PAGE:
I asked our host, Anna, “And, these are your olive trees?”
I reached up and picked a dark, purple olive from the branch just above our heads. I rolled it between my fingers and squeezed; the juices dripping down into my palm. The berry then slipped easily from my grasp, falling to the ground.
I rubbed my hands together.
“Wow! I had no idea there would be so much oil. I guess I never really thought about it much.”
“An olive contains anywhere from 10 to 20% pure olive oil. Taste it.”
I licked my fingertip and my face screwed up into a sour grimace.
She laughed, “The oil tastes wonderful but olive water is one of the bitterest things you’ll ever taste. That’s what the pressing is all about. Separating the oil from the water and the meat of the olive.”
“Elaine, Joe, come on, lets go for a ride.”
We walked out of Anna and Peter’s huge garden, past our “casa” for the next several days and climbed back into our car. I merged the small Fiat back onto the road in the direction Anna had indicated.
“Take a right at the next street. See the large building up on the hill? That’s where we’re going.”
I followed her directions and turned onto a narrow dirt road that led up to the building. There were several varieties of small farm trucks parked outside and the sound of machinery emanated from inside.
“Come on, let’s go in.”
We climbed out of the car and walked across the gravel parking lot, entering the dark interior of the building through a large overhead doorway. We were immediately enveloped in the scent of fresh olive oil.
There were several elderly farmers milling around or sitting on crates inside the cool interior of the olive processing facility. Another, younger man, was tending to the machinery while a third man was operating a forklift. He was picking up a huge palleted crate of freshly picked olives. As we watched, he maneuvered the crate towards a hopper and carefully tipped it, pouring the olives in. A pretty, dark-skinned women, dressed in bluejeans and a flannel shirt walked over to us and greeted Anna with a smile. They talked for a minute or two. Anna then introduced us to Arianna.
“It’s a pleasure to meet you. Would you like to see how we make olive oil?”
We nodded in anticipation and the four of us approached the machinery.
“This is a co-op. The cost of the machinery to extract olive oil is way too high for small, individual farmers to afford so we’ve all teamed together to build this facility. What we have here is the latest in olive oil extraction technology. Our production can now compete with the big producers.”
We approached the hopper where the olives were being fed into a large machine with water pouring into the top.
“It’s a four step process. First, the olives are cleaned and all debris such as leaves, twigs, rocks and the like are removed. It’s amazing what we find sometimes in the bins. We’ve had broken glass, rings, bracelets, and pieces of metal come tumbling out of the bottom. Whatever it is we carefully separate it out so that the processing machinery isn’t damaged. Nothing but olives are run through.”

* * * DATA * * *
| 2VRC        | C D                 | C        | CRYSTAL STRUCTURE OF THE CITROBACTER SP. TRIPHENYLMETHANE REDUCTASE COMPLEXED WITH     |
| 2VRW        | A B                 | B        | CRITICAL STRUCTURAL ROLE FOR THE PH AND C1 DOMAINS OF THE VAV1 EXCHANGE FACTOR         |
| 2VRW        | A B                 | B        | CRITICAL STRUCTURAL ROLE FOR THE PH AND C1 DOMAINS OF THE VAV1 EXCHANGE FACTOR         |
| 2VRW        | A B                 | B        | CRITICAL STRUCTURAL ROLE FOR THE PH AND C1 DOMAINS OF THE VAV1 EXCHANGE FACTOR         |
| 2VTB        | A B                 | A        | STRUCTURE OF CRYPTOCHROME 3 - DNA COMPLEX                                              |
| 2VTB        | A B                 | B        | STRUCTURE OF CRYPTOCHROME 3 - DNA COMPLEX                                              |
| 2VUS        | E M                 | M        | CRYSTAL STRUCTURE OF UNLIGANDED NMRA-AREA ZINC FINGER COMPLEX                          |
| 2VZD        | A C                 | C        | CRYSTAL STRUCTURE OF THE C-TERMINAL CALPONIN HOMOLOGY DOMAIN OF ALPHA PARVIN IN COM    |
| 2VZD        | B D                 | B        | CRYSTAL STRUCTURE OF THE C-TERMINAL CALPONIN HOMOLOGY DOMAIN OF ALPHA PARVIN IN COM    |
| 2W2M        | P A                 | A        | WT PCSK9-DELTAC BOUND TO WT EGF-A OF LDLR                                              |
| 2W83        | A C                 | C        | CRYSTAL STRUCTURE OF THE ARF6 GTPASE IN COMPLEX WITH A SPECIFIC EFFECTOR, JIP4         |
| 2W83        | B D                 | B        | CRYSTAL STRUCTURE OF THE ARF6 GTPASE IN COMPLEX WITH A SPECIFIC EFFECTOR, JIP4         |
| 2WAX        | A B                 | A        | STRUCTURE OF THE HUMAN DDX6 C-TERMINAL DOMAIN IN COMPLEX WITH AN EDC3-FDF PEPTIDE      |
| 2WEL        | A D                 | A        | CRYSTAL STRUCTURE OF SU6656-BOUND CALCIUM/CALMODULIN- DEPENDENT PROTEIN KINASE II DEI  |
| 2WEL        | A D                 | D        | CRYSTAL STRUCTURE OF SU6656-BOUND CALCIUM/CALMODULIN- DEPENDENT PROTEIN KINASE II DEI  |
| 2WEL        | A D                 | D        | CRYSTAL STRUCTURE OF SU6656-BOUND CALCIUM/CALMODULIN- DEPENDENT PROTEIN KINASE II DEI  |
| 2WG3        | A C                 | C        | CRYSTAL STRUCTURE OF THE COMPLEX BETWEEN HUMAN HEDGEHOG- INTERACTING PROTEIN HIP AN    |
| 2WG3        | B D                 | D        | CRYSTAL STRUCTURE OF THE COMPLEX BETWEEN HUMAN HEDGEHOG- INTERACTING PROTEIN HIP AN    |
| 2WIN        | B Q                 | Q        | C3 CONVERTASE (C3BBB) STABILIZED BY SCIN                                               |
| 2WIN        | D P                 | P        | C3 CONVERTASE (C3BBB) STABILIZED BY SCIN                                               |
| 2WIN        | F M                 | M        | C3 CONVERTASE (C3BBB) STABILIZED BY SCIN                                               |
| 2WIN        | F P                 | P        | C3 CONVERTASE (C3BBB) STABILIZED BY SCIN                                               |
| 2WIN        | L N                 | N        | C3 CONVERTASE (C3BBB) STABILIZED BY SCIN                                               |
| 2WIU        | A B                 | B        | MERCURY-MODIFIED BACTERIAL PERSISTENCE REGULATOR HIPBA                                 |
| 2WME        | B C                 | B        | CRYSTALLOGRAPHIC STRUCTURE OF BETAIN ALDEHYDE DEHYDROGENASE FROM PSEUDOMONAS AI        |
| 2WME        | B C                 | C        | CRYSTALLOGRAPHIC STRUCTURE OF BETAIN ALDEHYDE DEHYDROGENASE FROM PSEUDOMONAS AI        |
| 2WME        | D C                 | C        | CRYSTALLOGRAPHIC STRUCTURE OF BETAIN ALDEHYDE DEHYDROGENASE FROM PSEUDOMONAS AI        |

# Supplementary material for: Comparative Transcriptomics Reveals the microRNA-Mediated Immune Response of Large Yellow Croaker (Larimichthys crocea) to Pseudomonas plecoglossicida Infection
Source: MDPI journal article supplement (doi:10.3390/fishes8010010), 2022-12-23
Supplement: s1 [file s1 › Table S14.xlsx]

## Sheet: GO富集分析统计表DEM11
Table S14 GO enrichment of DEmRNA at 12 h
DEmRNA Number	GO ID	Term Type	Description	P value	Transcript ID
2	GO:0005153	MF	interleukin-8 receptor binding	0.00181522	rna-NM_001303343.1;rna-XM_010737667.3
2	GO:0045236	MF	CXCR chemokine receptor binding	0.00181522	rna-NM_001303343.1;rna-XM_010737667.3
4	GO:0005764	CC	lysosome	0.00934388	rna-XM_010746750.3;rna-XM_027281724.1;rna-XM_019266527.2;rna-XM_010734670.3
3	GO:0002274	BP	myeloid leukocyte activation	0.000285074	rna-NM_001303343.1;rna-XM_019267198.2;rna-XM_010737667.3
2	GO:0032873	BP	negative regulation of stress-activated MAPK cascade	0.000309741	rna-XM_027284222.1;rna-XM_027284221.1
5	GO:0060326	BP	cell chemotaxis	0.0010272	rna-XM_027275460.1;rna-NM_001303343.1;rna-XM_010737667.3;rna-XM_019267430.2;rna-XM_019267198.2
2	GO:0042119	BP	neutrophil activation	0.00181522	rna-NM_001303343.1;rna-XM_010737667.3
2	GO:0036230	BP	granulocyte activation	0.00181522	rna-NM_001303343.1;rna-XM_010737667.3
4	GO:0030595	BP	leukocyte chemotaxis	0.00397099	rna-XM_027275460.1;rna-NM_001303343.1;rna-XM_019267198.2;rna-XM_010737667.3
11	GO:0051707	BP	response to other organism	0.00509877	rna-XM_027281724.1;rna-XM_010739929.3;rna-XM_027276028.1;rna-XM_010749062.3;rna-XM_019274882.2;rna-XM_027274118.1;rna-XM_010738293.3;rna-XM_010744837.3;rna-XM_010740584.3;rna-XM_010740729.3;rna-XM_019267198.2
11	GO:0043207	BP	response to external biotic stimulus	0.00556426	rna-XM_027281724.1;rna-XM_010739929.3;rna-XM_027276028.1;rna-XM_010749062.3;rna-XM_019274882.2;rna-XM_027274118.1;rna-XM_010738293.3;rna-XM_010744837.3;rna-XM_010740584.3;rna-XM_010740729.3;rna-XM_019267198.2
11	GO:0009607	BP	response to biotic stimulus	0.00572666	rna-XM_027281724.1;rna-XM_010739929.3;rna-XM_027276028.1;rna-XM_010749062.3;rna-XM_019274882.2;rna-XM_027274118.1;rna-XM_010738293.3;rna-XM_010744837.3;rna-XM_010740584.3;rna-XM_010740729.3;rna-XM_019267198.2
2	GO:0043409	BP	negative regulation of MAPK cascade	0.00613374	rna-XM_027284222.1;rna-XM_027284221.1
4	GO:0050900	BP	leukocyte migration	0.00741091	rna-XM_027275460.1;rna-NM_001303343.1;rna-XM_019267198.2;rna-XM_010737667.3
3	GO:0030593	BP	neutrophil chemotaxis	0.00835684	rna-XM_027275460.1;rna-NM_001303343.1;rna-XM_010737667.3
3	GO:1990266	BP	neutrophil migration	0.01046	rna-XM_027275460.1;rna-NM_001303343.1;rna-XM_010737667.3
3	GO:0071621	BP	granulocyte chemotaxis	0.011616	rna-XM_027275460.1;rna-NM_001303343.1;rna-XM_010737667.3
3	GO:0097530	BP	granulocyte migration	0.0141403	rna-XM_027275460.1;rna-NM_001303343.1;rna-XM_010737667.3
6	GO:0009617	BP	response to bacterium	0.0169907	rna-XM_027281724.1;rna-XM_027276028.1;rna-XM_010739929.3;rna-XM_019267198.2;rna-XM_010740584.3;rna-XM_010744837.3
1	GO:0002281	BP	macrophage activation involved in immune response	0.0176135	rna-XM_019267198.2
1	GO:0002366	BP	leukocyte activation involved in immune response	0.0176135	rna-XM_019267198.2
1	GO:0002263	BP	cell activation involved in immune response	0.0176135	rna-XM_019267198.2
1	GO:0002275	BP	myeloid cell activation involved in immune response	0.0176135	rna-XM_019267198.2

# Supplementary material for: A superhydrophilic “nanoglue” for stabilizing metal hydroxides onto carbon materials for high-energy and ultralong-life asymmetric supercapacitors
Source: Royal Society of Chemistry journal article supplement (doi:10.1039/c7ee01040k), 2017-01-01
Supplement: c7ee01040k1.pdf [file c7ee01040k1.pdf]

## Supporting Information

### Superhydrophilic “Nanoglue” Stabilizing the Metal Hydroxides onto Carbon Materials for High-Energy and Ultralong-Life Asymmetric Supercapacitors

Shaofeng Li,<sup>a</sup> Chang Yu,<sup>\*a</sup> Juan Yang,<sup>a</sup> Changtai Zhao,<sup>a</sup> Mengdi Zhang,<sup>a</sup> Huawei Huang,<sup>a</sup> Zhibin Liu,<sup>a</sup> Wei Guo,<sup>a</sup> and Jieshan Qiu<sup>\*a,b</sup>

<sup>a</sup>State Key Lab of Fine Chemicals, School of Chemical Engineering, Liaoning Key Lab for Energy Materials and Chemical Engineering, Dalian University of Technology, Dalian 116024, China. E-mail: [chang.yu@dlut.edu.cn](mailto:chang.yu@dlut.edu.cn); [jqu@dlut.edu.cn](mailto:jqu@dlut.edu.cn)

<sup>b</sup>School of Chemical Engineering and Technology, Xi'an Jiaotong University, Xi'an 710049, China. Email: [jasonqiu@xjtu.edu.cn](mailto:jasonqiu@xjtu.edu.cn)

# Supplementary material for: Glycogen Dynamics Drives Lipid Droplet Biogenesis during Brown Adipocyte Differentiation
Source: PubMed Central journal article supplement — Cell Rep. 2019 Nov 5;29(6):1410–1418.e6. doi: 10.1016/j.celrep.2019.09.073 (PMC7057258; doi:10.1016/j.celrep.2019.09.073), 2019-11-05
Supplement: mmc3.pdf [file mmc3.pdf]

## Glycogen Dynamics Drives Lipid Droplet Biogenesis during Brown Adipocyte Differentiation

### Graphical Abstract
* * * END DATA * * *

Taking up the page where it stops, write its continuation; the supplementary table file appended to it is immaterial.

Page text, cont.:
We followed a conveyor belt to the next machine.
“The second step is crushing the olives into a paste. This grinder tears the flesh cells to release the oil from the vacuoles.”
We moved on to the third machine. It was a long horizontal trough with spiral auger-like mixing blades churning the green paste that was pouring out of the crusher.
“This is called the ‘malaxing machine”. It mixes the paste for 20 to 45 minutes allowing the small oil droplets to combine into bigger ones. It’s the first step is actually separating the oil from the vegetable water and solids.”
We then moved to the last machine, a huge cylinder emitting a high pitched whine.
“This is the centrifuge. It’s a three-phase process that separates the oil, the water, and the solids. The oil is the lightest component of the three. By spinning at a high speed the heavier solids move to the outer wall of the cylinder, the water to the middle part and the oil to the innermost. A syphon tube is then used to extract the oil from the center of the centrifuge.”
Arianna picked up a small plastic cup and placed it under a continuous flowing stream of green fluid pouring from the machine and into a large, 5-liter container.
She continued, “The term ‘cold press’ really doesn’t apply anymore to modern olive oil production. The centrifuge is much more efficient and economical but we still carefully control the temperature to ensure that it stays below 80 degrees F. This produces the best flavor.”
Arianna handed the cup to me. I brought it to my lips cautiously, the bitter taste of the raw olive still lingered in my mouth from 15 minutes ago.
The warm, smooth, creamy, oily green essence of Sicily itself poured down my throat and a smile gently spread across my face. I handed the cup to Elaine and she drank. She had the same reaction.
Anna and Arianna smiled back at us. We nodded our heads in acknowledgment. No further words needed to be spoken.
Arianna led us back to a small kitchen where a couple of the farmers were just coating warm, freshly baked slices of bread with a layer of olive oil and a light sprinkling of salt. They were preparing to sample their latest crop of olive oil. Arianna handed a slice of bread to each of us and then poured several small plastic cups of red wine.
Twenty minutes later we were walking out the large doorway carrying 5-liters of the freshest, most delicious olive oil we’d ever tasted.